Hypertension can cause the heart muscle to work harder, resulting in cardiomegaly (enlarged heart, e.g., ventricular hypertrophy) and other cardiomyopathies. Eventually the heart can no longer compensate for the effects on efficiency and heart failure ensues.

Hypertension is generally caused by a combination environmental and genetic factors.

The risk of hypertension and subsequent heart disease can be reduced by reducing dietary sodium and cholesterol intake (atherosclerosis is sometimes associated with increased blood pressure), exercising, maintaining a healthy weight, and avoiding smoking and excessive alcohol intake. Genetic factors can be controlled with medications, such as ACE inhibitors and angiotensin receptor blockers (ARBs), which act on the renin-angiotensin system, a major physiological hormone system involved in responding to the body's need for adjustments in blood pressure.

Left ventricular hypertrophy
Left ventricular hypertrophy | Source

This content is for informational purposes only and does not substitute for formal and individualized diagnosis, prognosis, treatment, prescription, and/or dietary advice from a licensed medical professional. Do not stop or alter your current course of treatment. If pregnant or nursing, consult with a qualified provider on an individual basis. Seek immediate help if you are experiencing a medical emergency.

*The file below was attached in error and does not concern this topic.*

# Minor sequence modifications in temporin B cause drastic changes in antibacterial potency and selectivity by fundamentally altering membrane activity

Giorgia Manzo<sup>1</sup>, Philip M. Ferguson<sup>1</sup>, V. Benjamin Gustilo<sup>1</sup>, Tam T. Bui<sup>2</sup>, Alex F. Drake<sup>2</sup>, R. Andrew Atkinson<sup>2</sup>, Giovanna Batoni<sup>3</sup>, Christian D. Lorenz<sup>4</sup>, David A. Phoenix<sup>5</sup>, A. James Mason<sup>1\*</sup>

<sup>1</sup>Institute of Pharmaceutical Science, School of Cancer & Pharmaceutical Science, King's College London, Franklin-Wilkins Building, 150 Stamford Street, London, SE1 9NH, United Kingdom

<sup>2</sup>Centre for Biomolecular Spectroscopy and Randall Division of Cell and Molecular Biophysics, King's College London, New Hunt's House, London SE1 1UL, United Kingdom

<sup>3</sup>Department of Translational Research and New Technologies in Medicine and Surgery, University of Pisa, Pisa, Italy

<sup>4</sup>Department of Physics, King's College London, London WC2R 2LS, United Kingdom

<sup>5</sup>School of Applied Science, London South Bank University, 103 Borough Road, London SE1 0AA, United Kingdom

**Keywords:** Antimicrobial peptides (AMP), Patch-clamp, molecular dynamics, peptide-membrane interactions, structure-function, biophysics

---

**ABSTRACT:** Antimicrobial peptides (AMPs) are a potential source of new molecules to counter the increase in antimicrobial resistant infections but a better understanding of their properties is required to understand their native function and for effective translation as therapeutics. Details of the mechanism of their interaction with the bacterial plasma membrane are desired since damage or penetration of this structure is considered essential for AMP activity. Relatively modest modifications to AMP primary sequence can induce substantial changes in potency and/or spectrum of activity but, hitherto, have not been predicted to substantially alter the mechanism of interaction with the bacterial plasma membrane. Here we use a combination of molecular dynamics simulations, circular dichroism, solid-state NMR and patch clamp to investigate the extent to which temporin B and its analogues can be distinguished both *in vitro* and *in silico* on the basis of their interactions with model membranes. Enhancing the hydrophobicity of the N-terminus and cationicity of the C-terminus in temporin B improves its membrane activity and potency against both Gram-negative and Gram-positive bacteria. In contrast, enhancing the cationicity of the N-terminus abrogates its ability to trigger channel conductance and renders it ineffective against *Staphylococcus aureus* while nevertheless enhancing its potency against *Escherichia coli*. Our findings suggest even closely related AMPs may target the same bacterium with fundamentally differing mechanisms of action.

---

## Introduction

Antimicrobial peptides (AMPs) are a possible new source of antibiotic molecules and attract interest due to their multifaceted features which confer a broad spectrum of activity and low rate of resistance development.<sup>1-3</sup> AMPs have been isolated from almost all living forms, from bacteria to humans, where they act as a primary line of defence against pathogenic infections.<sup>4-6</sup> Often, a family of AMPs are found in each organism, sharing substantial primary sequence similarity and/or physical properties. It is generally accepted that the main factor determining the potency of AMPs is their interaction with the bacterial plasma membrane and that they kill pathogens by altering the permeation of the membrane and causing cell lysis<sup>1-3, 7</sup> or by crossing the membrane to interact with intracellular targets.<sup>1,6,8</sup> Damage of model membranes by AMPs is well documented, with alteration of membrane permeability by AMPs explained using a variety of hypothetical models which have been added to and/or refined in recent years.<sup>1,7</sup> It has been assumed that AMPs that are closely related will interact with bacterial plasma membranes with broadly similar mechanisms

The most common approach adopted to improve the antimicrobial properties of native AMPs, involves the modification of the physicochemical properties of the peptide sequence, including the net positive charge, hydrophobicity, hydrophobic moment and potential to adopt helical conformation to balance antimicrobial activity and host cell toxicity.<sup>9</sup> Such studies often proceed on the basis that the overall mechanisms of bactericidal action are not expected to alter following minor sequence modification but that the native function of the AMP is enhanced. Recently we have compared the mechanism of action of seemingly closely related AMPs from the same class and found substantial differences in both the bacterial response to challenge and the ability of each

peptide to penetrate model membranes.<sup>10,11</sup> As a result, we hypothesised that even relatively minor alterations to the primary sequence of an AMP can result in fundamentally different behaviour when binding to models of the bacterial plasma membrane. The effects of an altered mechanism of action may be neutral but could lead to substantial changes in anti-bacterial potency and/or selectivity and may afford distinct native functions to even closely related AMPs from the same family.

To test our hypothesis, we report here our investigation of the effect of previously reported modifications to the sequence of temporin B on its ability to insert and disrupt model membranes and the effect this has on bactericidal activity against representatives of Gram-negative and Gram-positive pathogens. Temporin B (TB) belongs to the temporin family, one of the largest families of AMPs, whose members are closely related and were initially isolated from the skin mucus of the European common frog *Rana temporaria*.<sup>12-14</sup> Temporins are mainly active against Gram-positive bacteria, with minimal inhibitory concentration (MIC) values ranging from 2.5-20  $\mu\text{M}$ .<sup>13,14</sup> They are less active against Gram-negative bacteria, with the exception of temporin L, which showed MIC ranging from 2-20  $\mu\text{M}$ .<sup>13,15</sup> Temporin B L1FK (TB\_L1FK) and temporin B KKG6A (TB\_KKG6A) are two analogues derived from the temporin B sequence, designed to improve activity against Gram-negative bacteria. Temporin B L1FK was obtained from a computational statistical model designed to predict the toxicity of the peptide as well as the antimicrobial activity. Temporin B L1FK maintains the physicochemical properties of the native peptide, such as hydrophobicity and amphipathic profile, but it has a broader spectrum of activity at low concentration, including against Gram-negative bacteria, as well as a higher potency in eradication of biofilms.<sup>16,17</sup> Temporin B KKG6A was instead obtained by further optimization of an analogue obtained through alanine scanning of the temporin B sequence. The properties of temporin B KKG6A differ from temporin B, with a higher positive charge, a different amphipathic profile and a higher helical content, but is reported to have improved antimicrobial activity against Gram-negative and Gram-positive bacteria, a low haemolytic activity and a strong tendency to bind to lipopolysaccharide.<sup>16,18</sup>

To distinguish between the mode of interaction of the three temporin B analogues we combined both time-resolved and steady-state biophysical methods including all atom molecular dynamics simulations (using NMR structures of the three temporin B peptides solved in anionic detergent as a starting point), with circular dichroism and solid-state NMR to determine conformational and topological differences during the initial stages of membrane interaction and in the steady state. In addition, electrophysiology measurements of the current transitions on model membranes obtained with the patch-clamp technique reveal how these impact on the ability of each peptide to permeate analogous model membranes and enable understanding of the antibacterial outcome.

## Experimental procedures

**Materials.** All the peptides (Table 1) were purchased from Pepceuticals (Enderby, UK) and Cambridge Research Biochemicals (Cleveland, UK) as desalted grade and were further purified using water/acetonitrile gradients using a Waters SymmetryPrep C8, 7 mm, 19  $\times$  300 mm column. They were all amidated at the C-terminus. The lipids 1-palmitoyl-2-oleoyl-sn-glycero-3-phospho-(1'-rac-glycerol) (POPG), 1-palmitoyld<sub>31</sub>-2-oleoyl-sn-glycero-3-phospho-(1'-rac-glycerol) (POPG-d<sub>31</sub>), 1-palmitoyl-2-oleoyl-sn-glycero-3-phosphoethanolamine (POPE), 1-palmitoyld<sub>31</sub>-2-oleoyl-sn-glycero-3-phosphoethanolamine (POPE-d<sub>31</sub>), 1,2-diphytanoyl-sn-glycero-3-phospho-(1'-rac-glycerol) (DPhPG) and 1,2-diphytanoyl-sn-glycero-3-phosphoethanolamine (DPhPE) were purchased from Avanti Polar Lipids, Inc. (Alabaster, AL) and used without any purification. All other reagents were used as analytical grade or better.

© 2010 Alicia M Prater


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  • ramkkasturi profile image


    11 years ago from India

    Quite a complex subject is well described. Though every one has some knowledge of the subject, this hub helps to improve it further.